Roger Cohen has an interesting column touting the performance of Germany compared to the United States in the years since the onset of the crisis. He concludes by suggesting that Germany can save the United States with its ideas as to how to manage an economy and society.
While Cohen mentions several important differences between the United States and Germany, remarkably he did not mention Germany's work sharing system. Even though growth in Germany and the United States has been comparable since the beginning of the downturn, Germany has actually seen a decline in its unemployment rate of more than half a percentage point from the pre-recession level.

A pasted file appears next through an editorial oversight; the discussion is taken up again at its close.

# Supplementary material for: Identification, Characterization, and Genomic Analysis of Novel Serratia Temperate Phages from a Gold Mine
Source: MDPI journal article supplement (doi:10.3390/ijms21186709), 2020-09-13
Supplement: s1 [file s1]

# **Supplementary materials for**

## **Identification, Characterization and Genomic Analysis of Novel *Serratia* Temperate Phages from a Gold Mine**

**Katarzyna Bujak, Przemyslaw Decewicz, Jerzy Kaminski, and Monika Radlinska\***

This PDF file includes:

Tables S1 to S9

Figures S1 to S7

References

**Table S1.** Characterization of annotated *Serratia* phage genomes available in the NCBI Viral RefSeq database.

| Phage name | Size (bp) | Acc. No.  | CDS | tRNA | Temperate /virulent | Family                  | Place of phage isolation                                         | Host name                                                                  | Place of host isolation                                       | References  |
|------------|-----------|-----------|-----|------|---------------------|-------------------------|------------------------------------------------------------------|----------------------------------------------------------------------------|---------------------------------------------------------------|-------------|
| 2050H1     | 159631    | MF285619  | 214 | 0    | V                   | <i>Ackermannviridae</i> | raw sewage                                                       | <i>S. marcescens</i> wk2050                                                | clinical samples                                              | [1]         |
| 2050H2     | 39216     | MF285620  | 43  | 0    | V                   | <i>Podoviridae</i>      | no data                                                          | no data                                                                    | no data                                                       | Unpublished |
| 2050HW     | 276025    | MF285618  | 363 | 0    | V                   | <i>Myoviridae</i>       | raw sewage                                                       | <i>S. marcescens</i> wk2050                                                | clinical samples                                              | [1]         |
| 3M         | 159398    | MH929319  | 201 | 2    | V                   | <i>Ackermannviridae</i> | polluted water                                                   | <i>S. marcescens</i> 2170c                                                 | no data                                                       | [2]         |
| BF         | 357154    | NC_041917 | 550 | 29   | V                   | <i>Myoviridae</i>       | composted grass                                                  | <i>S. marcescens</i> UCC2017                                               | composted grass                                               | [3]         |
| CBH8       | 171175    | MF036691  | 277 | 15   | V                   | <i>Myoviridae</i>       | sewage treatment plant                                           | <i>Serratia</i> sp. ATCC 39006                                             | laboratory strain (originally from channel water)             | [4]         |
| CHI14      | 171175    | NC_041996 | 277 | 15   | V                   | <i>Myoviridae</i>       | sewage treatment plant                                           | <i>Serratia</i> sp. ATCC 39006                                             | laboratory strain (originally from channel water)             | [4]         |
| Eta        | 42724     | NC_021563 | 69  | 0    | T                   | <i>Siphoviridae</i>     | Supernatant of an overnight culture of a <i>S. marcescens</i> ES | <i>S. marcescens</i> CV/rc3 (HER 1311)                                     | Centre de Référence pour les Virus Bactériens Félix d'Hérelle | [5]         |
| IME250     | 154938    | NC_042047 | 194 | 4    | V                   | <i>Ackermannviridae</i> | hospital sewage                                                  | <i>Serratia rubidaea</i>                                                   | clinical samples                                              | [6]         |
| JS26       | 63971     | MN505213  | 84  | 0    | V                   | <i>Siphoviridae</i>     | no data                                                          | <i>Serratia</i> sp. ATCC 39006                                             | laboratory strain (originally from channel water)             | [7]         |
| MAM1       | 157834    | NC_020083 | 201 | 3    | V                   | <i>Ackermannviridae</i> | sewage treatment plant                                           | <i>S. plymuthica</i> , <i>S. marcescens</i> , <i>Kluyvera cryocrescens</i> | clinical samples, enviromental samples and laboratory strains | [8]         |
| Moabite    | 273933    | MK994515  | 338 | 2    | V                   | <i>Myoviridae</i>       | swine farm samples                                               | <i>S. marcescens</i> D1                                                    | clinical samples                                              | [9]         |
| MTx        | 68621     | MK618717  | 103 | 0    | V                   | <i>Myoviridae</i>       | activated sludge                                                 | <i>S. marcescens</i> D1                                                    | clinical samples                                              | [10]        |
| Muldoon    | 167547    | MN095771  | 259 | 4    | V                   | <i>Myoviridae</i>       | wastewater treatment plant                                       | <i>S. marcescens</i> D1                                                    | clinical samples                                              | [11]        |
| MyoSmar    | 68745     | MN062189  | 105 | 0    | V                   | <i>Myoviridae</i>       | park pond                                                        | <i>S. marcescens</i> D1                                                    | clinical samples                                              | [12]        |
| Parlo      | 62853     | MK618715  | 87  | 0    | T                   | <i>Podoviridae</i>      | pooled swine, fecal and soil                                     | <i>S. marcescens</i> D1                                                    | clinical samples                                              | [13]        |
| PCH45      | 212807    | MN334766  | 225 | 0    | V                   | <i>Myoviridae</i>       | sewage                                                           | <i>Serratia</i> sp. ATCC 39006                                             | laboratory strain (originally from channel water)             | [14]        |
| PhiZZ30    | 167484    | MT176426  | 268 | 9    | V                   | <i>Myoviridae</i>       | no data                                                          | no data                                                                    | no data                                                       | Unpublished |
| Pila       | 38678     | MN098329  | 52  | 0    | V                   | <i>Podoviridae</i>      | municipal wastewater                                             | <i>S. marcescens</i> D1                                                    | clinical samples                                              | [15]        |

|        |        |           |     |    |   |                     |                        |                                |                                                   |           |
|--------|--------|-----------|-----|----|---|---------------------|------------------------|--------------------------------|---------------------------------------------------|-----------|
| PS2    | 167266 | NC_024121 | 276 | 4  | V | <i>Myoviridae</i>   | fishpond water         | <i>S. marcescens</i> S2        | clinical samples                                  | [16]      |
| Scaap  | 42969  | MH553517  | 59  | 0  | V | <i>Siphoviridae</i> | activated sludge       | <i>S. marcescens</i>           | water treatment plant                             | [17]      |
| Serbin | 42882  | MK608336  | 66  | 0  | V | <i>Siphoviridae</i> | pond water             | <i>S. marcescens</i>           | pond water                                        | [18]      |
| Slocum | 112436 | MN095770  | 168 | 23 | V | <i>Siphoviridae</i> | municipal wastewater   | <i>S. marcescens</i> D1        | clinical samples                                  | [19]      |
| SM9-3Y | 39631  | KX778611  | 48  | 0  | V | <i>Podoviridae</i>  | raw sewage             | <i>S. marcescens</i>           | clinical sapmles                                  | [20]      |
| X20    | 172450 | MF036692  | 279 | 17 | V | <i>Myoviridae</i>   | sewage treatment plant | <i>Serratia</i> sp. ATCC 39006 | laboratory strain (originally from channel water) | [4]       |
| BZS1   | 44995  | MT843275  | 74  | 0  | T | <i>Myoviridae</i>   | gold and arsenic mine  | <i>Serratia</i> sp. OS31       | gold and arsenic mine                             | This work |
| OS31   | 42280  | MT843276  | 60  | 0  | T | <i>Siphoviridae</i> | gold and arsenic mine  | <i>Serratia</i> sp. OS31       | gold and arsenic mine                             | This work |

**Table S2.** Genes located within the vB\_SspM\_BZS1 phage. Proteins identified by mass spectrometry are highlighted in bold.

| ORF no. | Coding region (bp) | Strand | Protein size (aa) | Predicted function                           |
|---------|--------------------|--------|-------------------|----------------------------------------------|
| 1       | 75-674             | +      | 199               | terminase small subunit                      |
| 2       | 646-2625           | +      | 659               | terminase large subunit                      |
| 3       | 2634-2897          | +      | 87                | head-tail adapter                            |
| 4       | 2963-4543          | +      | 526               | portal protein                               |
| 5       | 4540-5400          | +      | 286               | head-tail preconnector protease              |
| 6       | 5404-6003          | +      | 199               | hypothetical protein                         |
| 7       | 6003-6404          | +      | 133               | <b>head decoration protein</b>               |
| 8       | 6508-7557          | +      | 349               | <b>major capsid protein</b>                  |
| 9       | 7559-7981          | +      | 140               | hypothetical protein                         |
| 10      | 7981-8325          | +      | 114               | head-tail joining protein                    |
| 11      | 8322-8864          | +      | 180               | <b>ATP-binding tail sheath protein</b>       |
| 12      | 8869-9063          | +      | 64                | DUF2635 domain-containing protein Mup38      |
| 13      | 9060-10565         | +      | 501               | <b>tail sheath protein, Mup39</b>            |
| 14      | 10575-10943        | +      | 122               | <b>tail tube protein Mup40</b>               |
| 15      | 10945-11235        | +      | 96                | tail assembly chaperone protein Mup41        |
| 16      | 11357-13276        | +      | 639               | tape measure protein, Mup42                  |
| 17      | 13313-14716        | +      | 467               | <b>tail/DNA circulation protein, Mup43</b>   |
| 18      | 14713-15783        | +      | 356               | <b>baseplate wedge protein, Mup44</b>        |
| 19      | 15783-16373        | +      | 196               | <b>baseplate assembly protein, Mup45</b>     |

This is due to the fact that Germany encourages firms to reduce work hours rather than lay people off. In a standard arrangement, workers may put in 20 percent fewer hours and end up taking home 4 percent less pay. Most of the difference comes from a government unemployment benefit that is converted to a subsidy for short-time work. The company is also expected to make up some of the pay. This system is very popular across the political spectrum in Germany. It has been embraced by the conservative government although it was originally put forward by a Social Democratic minister in the previous unity government.